|Posted by Anders F Björklund|
in reply to zwang
>> Is there any way to forward declarate a class?
>> When I try to do it... the compiler says that forward declaration conflicts with the real declaration.
>> I can work around the problem using cross imports between modules, is it a good practice?
> The doc says:
> "The program is looked at as a whole, and so not only is it not necessary to code forward declarations, it is not even allowed! "
However, if you need to provide D source modules
for symbols that will be defined elsewhere - then
you can do so called "import modules" (a.k.a. stubs).
They are similar to the regular code, but without
the implementation body that regularly follows...
See this example, from object.d:
> class Object
> void print();
> char toString();
> uint toHash();
> int opCmp(Object o);
> int opEquals(Object o);
That compiles alright, and when you link it then
it uses the implementation from internal/object.d
(that is contained in the "phobos" object library)
They both have the declaration: module object;
Thus you can ship one public "import module",
while keeping the implementation in a library.
(if you for some reason dislike Open Source)
This is similar to how you declare C functions,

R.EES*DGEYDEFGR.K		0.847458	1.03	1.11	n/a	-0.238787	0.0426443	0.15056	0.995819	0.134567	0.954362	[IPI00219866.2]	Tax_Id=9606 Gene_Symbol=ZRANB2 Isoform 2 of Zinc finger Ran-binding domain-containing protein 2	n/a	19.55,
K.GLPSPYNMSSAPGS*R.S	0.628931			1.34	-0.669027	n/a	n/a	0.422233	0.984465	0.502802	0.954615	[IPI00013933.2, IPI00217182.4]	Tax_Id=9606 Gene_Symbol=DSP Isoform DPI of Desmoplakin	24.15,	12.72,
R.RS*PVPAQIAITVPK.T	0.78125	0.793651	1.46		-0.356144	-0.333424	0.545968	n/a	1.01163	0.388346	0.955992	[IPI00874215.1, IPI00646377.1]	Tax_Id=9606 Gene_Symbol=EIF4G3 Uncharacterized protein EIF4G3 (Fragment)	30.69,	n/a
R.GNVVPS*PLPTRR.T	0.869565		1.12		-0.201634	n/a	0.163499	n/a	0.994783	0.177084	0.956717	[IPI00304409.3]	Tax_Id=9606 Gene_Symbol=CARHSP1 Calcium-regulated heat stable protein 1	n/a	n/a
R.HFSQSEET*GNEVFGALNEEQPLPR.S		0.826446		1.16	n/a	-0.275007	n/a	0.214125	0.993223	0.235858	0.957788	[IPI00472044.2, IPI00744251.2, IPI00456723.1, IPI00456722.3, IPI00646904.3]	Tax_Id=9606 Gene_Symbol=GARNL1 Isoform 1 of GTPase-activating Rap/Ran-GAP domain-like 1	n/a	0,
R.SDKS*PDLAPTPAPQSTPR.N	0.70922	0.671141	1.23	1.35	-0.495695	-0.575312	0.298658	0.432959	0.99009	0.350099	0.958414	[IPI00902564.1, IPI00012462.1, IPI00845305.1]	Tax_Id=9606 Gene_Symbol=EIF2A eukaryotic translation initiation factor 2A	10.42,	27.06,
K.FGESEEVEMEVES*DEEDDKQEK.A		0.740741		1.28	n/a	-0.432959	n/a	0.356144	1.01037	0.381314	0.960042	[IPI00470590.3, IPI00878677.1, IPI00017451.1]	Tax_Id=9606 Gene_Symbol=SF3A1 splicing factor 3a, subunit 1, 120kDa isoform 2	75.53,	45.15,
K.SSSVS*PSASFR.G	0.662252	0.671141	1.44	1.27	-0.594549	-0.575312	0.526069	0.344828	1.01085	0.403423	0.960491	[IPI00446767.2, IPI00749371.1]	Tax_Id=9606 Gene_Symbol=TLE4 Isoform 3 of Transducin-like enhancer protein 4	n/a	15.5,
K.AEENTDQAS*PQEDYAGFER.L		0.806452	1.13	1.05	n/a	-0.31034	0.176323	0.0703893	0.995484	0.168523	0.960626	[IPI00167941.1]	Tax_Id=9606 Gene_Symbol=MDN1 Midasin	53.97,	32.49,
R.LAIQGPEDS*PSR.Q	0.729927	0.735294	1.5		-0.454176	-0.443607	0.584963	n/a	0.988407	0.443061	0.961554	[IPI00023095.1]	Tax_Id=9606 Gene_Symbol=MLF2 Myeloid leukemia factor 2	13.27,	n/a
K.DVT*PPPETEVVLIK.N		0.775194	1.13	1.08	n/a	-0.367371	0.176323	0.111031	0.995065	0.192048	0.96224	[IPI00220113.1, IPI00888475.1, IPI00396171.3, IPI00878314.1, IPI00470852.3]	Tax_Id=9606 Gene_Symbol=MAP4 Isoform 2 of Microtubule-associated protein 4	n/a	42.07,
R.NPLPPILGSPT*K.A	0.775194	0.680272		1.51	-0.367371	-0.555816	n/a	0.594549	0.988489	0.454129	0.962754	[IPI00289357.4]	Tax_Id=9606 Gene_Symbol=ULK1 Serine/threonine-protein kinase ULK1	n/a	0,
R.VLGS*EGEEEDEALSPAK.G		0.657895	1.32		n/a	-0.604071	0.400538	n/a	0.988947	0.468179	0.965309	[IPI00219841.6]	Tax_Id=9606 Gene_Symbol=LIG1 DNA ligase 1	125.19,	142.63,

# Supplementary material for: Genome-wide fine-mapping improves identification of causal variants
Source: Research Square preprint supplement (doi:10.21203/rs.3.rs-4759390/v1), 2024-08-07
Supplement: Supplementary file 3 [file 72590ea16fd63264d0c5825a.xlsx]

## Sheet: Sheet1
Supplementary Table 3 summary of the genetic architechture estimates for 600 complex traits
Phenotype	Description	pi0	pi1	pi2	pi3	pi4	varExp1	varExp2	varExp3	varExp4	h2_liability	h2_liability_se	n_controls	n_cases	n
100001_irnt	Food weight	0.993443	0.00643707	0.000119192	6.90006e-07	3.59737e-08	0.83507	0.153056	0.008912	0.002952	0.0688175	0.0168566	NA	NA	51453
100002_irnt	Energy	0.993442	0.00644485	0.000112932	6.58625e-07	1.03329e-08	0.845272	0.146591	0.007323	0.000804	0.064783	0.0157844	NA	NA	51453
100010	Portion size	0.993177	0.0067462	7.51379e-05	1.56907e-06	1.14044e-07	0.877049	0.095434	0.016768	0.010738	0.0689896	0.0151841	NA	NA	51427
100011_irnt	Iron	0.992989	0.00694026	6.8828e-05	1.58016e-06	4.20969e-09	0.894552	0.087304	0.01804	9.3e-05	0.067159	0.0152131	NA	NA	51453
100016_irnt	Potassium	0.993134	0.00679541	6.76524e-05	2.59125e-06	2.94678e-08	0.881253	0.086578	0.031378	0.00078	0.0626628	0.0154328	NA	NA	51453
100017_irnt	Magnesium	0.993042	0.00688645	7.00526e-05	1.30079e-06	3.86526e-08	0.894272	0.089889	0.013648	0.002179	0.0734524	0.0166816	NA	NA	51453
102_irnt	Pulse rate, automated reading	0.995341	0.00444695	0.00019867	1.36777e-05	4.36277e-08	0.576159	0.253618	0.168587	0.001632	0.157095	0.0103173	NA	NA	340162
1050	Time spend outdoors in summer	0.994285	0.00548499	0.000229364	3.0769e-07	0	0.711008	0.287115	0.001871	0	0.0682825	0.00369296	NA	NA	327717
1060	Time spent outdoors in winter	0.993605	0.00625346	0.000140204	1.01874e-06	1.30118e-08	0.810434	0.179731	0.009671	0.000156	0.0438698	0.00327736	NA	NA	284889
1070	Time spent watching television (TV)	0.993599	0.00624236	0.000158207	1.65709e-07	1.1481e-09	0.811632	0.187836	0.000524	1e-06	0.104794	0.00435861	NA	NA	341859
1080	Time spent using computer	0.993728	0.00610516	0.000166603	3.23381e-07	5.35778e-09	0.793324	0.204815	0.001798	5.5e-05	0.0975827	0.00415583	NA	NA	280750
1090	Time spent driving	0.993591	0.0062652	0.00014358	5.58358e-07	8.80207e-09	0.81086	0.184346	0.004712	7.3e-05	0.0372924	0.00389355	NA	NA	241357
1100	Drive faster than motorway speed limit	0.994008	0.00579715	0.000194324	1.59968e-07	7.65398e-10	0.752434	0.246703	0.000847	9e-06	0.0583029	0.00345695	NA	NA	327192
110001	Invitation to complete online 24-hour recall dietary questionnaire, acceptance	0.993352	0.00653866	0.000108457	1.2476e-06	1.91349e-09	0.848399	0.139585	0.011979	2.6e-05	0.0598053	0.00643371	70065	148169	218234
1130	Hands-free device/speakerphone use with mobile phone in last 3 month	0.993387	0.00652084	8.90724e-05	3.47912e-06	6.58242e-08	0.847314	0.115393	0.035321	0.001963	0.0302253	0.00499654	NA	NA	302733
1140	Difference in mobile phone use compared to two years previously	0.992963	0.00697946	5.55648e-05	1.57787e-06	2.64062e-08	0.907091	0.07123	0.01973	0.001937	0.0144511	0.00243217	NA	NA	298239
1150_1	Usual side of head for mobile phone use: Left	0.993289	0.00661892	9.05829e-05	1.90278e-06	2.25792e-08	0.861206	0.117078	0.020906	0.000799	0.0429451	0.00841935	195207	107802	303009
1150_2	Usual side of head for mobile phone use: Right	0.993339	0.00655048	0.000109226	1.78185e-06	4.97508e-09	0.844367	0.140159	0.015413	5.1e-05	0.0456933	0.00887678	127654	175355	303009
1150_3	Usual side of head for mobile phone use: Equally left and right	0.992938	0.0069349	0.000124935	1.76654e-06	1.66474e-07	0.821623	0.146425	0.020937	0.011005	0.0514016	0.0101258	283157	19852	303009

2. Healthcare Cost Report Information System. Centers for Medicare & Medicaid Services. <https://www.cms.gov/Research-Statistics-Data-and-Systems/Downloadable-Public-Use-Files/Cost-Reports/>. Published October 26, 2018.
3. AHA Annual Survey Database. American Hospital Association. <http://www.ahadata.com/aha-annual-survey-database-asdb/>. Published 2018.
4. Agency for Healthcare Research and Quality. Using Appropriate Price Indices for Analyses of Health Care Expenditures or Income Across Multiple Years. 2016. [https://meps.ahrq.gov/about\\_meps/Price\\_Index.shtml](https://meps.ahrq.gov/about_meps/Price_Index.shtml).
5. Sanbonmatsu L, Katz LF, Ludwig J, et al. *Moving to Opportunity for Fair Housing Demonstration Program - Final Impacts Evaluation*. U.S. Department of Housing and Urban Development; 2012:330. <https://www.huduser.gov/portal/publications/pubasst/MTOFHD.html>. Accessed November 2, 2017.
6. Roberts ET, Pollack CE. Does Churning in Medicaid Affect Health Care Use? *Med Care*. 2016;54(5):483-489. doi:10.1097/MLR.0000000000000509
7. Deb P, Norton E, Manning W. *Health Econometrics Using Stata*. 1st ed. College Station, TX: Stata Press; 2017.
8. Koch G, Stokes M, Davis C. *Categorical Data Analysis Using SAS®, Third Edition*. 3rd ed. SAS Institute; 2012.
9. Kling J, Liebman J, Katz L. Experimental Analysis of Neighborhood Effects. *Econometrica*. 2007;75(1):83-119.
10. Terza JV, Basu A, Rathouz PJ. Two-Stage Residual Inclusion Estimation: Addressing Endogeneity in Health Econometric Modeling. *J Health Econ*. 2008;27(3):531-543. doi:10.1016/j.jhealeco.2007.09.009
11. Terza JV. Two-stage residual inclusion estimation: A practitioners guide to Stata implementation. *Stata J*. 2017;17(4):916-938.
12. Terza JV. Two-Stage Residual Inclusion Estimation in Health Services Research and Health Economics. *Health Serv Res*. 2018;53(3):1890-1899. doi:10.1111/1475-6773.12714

in "import modules" for D usage. The only caveat
there is that any variables in it will be defined.
> extern (C) int variable; // declares "variable"!
This differs greatly from C/C++ headers,
where any "extern" variable declarations
will not be defined. But again, D is not C...
So if you need to import data symbols, then
you put those statements in *another* module,
which you then import from the import module...
Here's an example, for the "whatever" library:
> // import module for whatever
> module whatever;
> private import whateverextern;
> extern (C) void function();
> // extern module for whatever
> module whateverextern;
> extern (C) int variable;
The data module is called an "extern module", and
should *not* be compiled into the program - instead
you link against the C or D library you want to import.
std.c.linux and std.c.linuxextern are good examples
of using this to import data symbols from a C library.
(it can also be used for D code, by omitting "extern")
Confusing? Normally it isn't needed, and you can just
dump all your source code on "dmd" to compile and link...
(and having public data symbols in libraries is illegal
in three states already, and should be avoided if possible)
But the import modules comes in handy once, in a while.
(and there should be a tool to *automatically* create
them from the implementation, to avoid duplication...)